During the first year, the company focused on developing and improving the tables, adding steel nets, integral concrete dye to offer color options, and making other refinements. Concrete chess tables were a natural addition to the product line, and these weren’t as foreign to the American market. The playing squares are marble inlaid tiles in a background of polished, exposed aggregate concrete in an array of color options, including recycled glass.

Why Oregon?

The entrepreneurial community in Oregon supported Bravado from an early stage, including the Roseburg Small Business Development Center and Young Entrepreneur Society (YES), a Roseburg group that supports new innovation.

These groups provided the cross pollination of ideas, which has been central to Bravado’s product development and marketing. In addition, they provided crucial support to a founder with a unique concept. Lem was able to pitch ideas and get feedback from a unique cross section of business thinkers and fellow entrepreneurs.

Oregon is also home to an array of groups, like Portland based City Repair, who are great supporters of the placemaking movement. City Repair builds community projects—like turning an intersection into a public park. They describes placemaking as “a multi-layered process within which citizens foster active, engaged relationships to the spaces which they inhabit, the landscapes of their lives, and shape those spaces in a way which creates a sense of communal stewardship and lived connection.”Permanent outdoor games—especially table tennis—fit in perfectly with placemaking by providing the community a gathering point where everyone can play.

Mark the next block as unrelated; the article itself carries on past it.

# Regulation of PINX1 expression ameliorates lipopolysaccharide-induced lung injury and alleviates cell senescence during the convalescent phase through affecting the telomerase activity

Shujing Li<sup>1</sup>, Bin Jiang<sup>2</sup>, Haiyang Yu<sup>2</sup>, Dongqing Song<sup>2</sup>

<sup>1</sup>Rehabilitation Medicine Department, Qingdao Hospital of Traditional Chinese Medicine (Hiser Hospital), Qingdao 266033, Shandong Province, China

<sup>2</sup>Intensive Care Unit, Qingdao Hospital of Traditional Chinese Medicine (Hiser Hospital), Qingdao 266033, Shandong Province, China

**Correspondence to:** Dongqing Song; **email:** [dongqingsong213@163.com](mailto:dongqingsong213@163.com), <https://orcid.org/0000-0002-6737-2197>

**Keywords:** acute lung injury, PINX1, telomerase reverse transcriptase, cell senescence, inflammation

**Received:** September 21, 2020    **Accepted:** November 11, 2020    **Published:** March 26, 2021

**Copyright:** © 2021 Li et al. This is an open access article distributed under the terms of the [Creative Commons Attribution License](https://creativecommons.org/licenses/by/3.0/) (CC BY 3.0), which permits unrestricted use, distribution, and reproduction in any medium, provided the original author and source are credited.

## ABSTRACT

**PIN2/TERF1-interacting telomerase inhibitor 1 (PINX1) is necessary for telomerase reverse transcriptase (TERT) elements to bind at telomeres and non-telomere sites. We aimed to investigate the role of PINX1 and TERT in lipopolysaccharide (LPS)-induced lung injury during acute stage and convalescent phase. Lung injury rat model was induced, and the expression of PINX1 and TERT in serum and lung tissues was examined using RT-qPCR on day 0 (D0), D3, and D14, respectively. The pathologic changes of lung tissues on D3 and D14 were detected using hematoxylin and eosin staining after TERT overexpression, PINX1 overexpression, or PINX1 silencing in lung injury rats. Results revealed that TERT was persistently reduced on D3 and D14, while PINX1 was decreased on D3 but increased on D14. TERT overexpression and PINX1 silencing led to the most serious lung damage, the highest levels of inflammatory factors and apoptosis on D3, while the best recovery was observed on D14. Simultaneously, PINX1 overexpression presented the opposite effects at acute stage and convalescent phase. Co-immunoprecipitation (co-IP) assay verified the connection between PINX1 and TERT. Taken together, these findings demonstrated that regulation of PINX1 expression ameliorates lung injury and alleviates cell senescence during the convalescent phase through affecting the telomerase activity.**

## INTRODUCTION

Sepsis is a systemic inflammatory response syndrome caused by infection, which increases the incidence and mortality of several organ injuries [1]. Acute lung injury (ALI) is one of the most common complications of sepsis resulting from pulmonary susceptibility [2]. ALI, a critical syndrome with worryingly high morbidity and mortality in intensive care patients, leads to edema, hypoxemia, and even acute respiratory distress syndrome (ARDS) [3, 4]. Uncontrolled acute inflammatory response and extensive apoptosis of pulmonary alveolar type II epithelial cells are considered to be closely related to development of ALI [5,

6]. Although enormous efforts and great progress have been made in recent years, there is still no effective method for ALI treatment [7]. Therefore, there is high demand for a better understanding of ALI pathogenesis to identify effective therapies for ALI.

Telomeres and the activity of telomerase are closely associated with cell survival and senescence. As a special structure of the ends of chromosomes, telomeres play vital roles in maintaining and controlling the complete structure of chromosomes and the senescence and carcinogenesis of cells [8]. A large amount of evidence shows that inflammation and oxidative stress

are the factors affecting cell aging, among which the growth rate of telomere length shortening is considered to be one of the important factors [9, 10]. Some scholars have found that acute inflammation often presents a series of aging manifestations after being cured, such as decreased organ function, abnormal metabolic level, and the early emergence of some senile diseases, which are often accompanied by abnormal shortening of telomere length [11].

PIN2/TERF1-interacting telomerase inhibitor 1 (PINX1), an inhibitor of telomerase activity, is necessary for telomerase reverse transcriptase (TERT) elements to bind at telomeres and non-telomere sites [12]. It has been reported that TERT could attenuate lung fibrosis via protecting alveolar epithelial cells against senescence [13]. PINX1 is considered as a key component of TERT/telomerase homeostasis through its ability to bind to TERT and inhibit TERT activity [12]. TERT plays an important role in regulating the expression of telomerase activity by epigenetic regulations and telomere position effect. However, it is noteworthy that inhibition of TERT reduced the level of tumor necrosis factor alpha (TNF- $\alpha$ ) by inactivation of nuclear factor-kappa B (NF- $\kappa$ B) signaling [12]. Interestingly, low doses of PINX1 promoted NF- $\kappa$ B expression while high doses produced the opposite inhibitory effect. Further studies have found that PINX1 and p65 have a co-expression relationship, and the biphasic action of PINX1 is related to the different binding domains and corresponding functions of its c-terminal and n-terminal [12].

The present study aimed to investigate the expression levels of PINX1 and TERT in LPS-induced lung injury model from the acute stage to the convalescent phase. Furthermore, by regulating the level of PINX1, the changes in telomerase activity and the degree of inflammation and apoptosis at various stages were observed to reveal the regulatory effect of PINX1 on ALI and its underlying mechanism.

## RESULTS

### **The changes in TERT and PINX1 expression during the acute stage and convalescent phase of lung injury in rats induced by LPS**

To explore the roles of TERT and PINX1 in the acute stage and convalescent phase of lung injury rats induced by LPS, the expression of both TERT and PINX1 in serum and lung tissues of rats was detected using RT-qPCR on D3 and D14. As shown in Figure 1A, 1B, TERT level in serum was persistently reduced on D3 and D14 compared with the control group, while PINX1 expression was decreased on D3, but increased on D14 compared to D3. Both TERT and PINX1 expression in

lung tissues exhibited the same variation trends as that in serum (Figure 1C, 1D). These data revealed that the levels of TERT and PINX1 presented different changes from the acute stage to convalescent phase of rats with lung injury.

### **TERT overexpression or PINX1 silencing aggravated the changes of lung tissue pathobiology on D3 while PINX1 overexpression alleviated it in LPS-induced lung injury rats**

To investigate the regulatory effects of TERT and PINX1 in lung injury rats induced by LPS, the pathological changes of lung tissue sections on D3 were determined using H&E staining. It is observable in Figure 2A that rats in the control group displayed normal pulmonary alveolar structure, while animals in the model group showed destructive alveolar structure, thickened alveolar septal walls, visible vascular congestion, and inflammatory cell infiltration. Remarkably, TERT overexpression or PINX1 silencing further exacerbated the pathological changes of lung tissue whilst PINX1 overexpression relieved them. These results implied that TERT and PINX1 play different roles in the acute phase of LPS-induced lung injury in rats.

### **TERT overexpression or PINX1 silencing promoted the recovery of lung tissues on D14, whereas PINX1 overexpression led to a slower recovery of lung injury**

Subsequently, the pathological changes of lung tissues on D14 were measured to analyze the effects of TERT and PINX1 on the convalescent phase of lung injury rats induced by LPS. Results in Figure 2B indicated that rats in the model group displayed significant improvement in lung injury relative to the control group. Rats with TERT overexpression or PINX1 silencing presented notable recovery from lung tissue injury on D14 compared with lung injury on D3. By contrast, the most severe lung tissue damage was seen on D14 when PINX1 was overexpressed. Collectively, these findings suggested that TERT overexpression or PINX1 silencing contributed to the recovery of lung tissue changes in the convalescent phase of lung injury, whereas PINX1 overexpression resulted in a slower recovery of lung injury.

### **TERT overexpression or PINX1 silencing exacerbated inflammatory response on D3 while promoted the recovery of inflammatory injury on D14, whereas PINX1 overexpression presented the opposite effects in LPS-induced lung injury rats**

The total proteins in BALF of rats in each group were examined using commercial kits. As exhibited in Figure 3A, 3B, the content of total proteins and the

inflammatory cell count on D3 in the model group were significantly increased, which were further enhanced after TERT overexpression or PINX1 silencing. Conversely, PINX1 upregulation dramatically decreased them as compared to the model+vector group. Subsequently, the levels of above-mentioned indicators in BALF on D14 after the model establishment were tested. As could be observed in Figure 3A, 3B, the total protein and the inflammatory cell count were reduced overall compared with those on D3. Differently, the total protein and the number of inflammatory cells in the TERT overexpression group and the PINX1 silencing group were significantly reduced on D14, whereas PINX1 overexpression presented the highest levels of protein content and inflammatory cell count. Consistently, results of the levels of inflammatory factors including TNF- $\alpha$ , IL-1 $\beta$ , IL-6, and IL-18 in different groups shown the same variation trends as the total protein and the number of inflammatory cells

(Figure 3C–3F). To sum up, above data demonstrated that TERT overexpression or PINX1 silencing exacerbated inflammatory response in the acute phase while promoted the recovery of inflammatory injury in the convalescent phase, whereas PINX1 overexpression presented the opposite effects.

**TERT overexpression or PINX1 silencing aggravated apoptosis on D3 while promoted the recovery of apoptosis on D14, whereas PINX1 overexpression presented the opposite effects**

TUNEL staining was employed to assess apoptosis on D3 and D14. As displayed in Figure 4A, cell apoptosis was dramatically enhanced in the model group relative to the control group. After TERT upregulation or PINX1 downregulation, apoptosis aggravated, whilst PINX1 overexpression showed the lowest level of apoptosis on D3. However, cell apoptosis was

Best of both worlds

As Lem perfected the engineering and production of the ping pong tables, his mind began to turn to other product opportunities based on the company motto, “Everybody plays!”

Cornhole, a simple, but not very well known game immediately came to mind. The bean bag game was easy to adapt to concrete and place as a permanent feature in parks, while also creating a more entry level product line. Foosball was added to the product line after a table tennis fan sent a picture of a similar table in Paris. While the actual forming and production took some fine tuning, the actual game itself is to pick up and learn.

Foosball and cornhole allow almost anyone to begin playing and then develop mastery over time—just like the sport that inspired the original product.

Work that inspires activity

Lem shares a contagious enthusiasm for his products and the games they facilitate. it’s not just about selling something and making money. These tables are on the cutting edge in concrete work, the placemaking movement, and the sport of table tennis.